[28 November 2012]
PopMatters Associate Music Editor
Prior to hearing The Beethoven Journey: Piano Concertos 1 & 3, the only other recording by pianist Leif Ove Andsnes I had access to was his collaboration with the Artemis Quartet, Schumann/Brahms: Piano Quintets. I arrived at this recording by way of the Artemis Quartet, and I came across that group when my search for recordings of Ligeti led me to Ligeti: String Quartets 1 & 2. It’s a long way back from Ligeti to Beethoven, but the current cliques of professional classical musicians appear to keep these degrees of separation tightly wound. No musician wants to be professionally bound to any one era, and this includes Leif Ove Andsnes who has covered his share of Bartók, Schubert, Grieg, and even Janáček.
For The Beethoven Journey: Piano Concertos 1 & 3, be prepared to go back to early Beethoven – back when the young lion had yet to lose the dark colors in his hair, his hearing, his sanity and had not yet exploded into the immortal voice he left behind known as the dawn of the romantic era. Listening to the first and third Beethoven piano concertos paints him as a student at the boots of Mozart and Haydn. They are derivative and reverent to the styles of his teachers, holding fast to form only as a student would. The repeated patterns aren’t for the sake of repetition but for gradual expansions of the straightforward melodies and the surrounding string arrangements. It’s all laid out very plainly on CD; six tracks, each piano concerto containing the same track names (“I. Allegro con brio”, “II. Largo”, “III. Rondo Allegro”) and each track’s length being proportionate to one another (long, not as long, then a little bit shorter).
Leif Ove Andsnes and the Mahler Chamber Orchestra give an immaculate twist to a symmetrical release. If it’s a journey, as the title suggests, then it’s the start of one. That seagull on the cover can’t be too far off the ground. The naivety of Beethoven’s early music doesn’t make The Beethoven Journey: Piano Concertos No. 1 & 3 a big emotional home run. The third concerto does outdo the first one in this department, but it’s still no ninth symphony. Leif Ove Andsnes plays the piano with what I can only call great understanding. His approach to the fat of the classical era is never cold, mechanical or dangerously flamboyant. Mahler Chamber Orchestra aren’t exactly doing Mahler’s ninth here (did you really expect them to?) but they are professionally sympathetic to their conductor and pianist. There have been plenty of recordings of early Beethoven committed to budget-priced CDs over the years, and they all featured crappy mixes. I won’t name names, but some labels really flooded the market with classical music where the musicians didn’t have any greater knowledge of subtlety and blending than my high school concert band ever possessed.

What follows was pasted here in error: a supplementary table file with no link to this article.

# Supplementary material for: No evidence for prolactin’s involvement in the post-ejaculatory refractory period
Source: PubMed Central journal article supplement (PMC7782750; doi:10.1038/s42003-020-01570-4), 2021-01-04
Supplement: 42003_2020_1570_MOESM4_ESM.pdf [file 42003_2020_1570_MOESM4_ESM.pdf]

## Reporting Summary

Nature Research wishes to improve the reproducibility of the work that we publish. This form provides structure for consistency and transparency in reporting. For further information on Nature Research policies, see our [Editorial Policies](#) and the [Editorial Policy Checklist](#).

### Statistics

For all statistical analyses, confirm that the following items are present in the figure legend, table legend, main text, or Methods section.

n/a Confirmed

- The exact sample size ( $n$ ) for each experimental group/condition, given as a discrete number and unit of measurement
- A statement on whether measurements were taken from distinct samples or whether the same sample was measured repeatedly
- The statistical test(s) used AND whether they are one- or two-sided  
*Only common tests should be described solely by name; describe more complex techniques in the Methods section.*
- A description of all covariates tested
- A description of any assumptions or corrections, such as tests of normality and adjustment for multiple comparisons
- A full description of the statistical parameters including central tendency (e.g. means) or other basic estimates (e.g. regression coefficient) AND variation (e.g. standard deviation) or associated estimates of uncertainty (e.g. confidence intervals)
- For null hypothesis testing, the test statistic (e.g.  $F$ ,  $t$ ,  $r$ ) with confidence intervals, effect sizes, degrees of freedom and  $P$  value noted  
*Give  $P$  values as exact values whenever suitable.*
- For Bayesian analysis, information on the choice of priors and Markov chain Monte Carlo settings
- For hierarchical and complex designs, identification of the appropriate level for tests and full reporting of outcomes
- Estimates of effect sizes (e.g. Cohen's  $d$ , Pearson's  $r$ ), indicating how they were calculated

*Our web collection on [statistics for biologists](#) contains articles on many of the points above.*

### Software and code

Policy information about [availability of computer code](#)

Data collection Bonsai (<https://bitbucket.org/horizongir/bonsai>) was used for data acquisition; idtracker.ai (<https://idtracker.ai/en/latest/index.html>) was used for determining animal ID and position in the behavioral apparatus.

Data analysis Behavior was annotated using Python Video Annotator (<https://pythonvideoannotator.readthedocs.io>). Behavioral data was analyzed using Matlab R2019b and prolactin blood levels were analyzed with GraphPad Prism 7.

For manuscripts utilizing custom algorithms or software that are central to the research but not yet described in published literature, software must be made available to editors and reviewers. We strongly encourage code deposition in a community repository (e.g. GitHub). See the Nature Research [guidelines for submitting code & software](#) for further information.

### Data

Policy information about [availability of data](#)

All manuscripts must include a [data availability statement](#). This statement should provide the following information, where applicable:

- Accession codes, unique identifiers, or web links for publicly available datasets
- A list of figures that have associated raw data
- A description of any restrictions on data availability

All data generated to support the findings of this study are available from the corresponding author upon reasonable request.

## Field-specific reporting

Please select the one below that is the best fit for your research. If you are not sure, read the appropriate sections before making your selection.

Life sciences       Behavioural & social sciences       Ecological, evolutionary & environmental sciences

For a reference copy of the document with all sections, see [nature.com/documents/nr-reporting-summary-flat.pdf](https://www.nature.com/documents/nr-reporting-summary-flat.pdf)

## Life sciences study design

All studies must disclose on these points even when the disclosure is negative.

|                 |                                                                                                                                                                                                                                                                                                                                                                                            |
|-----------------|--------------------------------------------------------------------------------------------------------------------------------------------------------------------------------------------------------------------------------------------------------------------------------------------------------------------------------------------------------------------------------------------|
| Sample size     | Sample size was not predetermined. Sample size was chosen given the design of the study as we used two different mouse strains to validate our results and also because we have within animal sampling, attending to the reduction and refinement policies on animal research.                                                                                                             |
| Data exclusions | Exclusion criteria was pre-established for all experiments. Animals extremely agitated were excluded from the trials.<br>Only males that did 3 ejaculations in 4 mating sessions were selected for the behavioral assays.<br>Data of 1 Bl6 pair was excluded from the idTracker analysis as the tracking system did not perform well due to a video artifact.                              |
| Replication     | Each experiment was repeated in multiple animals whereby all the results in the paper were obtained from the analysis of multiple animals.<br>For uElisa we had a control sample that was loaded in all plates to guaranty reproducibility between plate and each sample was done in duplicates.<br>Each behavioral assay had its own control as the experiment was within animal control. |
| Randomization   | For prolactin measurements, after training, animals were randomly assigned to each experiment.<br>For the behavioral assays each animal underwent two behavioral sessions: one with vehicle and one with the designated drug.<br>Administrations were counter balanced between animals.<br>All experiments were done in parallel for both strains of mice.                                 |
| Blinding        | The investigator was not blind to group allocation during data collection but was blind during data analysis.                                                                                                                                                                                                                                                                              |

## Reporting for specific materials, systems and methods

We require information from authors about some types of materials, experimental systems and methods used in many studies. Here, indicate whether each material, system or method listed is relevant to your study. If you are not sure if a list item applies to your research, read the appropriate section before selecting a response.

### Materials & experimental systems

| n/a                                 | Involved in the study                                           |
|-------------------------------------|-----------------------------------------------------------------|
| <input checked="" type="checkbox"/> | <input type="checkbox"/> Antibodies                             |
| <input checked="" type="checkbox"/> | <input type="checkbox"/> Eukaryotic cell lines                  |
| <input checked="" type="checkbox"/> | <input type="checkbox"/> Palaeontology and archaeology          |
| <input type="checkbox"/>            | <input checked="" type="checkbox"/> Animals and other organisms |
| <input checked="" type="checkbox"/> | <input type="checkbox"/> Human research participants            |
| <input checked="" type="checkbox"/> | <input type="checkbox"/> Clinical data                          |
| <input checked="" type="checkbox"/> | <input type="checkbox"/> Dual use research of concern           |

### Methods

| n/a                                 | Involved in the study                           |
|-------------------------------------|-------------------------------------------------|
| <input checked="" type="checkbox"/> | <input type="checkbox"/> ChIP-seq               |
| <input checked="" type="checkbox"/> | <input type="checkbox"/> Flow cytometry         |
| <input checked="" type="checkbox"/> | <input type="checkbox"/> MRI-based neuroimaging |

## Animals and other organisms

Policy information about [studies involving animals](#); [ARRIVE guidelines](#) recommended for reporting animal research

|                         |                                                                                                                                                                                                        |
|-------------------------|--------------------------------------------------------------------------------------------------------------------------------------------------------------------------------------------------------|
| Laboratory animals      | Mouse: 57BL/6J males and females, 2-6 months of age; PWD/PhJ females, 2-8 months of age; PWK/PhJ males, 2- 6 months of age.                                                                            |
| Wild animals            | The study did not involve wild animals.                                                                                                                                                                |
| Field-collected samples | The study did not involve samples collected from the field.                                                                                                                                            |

I end up looking at The Beethoven Journey: Piano Concertos No. 1 & 3 as a do-over for negligible stuff like that. The class that Leif Ove Andsnes and the Mahler Chamber Orchestra bring to these two Beethoven piano concertos is the antidote, a reboot for the early Beethoven repertoire. It doesn’t stir up extreme emotions on its own but it does get the job done professionally. If this journey is an ongoing one, then we will be in for a treat later on.